One of the strategies behind the curriculum at AC4D is to assign more work than is probably accomplishable at any given time. As a class, we’ve discussed what we learn from this. Several theories were floated, and most were confirmed by faculty.
1) Overload makes sure that there are no gaps in creating, delivering, and generally processing information being taught to us. This creates momentum whose inertia needs to carry us through our quarterly breaks and beyond the end of the program. The ultimate goal being that we get used to this level of activity such that it becomes difficult not to be creating or synthesizing most of the time.
2) While we do need to be thoughtful and intentful in our work, the nature of our work provides plenty of opportunities to get stuck, staring at a blank sheet of paper wondering where to start. Or inversely, overprocessing too many ideas without creating necessary artifacts to show how we got from point A to point B. In the avalanche of work, we must at a certain point get out of our own heads and commit to paper (or whiteboard or the digital tool du jour).
3) In addition to learning to manage time better, we become better prioritizers, deciding what is most important to accomplish each week, what “falls to the floor,” and what still gets done, but at lesser quality and fidelity than we prefer.
4) There is special value in the work we decide to get done, but wherein we sacrifice quality. When we do lackluster work, we are guaranteed to get that feedback in critique or in a gradesheet. Sometimes, we know exactly what that feedback will be. In this case, our excuse of lack of time does not matter; the result is all that matters. Other times, the criticism we get is over unexpected areas, and we learn that, if we are going to cut corners for the sake of shipping, we need to repriortize which details to focus on, and which to skip. Either way, each time we learn to become less attached to our ideas and our work. And this is a critical point: I’ve watched many startups become fixated on one idea, and when they refuse to let go of it, they fail.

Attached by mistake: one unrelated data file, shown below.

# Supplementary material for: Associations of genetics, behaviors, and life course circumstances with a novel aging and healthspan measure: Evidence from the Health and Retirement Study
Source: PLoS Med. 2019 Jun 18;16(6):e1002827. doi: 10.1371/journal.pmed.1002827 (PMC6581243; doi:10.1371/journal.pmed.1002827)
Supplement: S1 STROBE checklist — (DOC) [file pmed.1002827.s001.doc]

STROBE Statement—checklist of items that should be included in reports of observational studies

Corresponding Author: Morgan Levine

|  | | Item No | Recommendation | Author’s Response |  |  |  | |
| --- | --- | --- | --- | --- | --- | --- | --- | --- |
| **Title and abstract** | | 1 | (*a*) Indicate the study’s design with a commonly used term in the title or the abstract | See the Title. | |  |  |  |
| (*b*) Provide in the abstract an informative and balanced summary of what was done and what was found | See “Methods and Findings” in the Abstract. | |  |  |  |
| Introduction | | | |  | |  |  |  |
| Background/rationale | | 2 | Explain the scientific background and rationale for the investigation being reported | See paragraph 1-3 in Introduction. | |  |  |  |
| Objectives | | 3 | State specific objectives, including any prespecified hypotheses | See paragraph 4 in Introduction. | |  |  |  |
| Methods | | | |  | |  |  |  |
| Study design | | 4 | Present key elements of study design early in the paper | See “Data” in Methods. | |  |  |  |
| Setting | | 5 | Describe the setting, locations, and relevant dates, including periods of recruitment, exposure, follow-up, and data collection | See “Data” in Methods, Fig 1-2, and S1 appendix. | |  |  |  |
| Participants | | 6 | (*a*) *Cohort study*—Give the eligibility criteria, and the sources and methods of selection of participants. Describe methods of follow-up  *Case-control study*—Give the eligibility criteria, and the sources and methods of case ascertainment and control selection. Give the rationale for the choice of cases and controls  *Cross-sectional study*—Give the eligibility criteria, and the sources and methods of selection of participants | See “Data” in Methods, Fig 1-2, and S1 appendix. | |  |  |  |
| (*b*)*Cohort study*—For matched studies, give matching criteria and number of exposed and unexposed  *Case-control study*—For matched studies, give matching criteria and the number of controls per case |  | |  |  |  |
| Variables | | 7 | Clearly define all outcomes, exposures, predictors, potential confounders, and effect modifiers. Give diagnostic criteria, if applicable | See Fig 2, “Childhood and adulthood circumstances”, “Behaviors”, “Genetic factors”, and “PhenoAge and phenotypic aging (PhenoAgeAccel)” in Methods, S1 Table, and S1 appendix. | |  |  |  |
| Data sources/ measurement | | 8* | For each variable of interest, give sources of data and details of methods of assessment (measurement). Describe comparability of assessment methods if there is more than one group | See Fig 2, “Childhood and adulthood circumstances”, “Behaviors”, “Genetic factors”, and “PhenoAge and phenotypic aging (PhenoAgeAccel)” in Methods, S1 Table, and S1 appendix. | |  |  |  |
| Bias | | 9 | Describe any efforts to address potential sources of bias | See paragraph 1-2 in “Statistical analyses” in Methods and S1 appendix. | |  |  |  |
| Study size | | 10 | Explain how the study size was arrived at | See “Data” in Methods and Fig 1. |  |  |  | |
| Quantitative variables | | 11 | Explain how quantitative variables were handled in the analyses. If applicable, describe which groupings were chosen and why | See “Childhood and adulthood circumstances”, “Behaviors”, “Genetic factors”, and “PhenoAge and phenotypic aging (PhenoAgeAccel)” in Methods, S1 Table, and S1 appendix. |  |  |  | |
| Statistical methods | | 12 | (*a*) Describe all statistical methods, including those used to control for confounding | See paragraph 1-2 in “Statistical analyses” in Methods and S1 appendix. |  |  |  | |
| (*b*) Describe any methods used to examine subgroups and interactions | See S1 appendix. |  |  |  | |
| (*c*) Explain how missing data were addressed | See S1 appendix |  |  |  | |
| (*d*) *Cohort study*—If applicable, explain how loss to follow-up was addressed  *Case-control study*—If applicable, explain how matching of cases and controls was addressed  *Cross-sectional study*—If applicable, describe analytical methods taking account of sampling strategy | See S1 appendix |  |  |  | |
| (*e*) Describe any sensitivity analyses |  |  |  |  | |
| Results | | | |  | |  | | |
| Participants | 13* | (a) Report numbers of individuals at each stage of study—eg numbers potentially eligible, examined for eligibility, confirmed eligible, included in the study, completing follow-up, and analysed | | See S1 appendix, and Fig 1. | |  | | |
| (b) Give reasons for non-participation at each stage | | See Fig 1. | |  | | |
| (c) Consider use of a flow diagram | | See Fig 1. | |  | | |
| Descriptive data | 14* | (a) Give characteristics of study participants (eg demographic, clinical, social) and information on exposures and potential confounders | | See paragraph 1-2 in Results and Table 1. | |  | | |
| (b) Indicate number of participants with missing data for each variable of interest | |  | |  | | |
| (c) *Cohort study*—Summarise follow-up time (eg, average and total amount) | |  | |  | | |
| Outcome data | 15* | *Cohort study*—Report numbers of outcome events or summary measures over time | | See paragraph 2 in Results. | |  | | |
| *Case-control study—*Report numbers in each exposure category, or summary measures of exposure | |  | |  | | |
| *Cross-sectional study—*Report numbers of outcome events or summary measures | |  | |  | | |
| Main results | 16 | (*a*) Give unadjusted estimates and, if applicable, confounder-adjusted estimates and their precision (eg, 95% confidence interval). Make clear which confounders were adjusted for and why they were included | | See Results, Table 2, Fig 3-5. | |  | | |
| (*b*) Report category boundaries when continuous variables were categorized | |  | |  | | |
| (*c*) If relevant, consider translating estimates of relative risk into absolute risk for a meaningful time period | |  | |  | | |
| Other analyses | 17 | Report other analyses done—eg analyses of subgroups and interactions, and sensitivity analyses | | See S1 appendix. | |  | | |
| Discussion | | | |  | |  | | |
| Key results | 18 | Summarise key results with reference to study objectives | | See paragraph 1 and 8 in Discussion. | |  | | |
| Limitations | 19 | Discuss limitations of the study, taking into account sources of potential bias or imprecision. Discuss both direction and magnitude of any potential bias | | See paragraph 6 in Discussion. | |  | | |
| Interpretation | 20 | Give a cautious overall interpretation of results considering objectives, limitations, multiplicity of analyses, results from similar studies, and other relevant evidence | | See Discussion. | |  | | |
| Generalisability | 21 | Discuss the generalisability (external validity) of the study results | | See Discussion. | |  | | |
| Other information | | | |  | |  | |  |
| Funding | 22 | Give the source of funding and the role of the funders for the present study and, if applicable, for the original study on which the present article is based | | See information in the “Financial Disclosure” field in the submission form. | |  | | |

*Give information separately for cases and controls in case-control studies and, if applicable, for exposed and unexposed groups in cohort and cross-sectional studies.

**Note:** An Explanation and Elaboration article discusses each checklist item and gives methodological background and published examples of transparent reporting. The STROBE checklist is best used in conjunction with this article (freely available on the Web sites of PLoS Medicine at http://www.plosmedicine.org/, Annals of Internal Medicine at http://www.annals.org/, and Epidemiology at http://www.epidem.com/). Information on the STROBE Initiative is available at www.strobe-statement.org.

Just this week, I took the time on a project I was struggling with to get feedback from several peers and faculty. One faculty member said that the idea was obvious, and that if I was going to continue with it, I’d have to dig deeper. I’m not sure I agreed with the obivousness of it, given other’s reactions, but I did understand the need for continued refinement. But it just wouldn’t gel no matter where I took it.
So I killed that idea. It was hard and a little scary, as I had put a lot of effort into it, and I had no idea what I would do instead with a rapidly approaching deadline. But the writing was on the wall: I couldn’t make it work. I started over. And even though the idea was gone, I now had a few more techniques for bringing together disparate ideas, diagramming them, and generating new work from scratch. It was a little bit easier than the previous effort, it took less time, and most importantly, I was left with a concept that did hold together, made sense, and had more depth to it.
Like many things, getting good at something requires doing it again and again: killing an idea and starting over is no exception. Given the pace of AC4D, I expect plenty of chances to practice!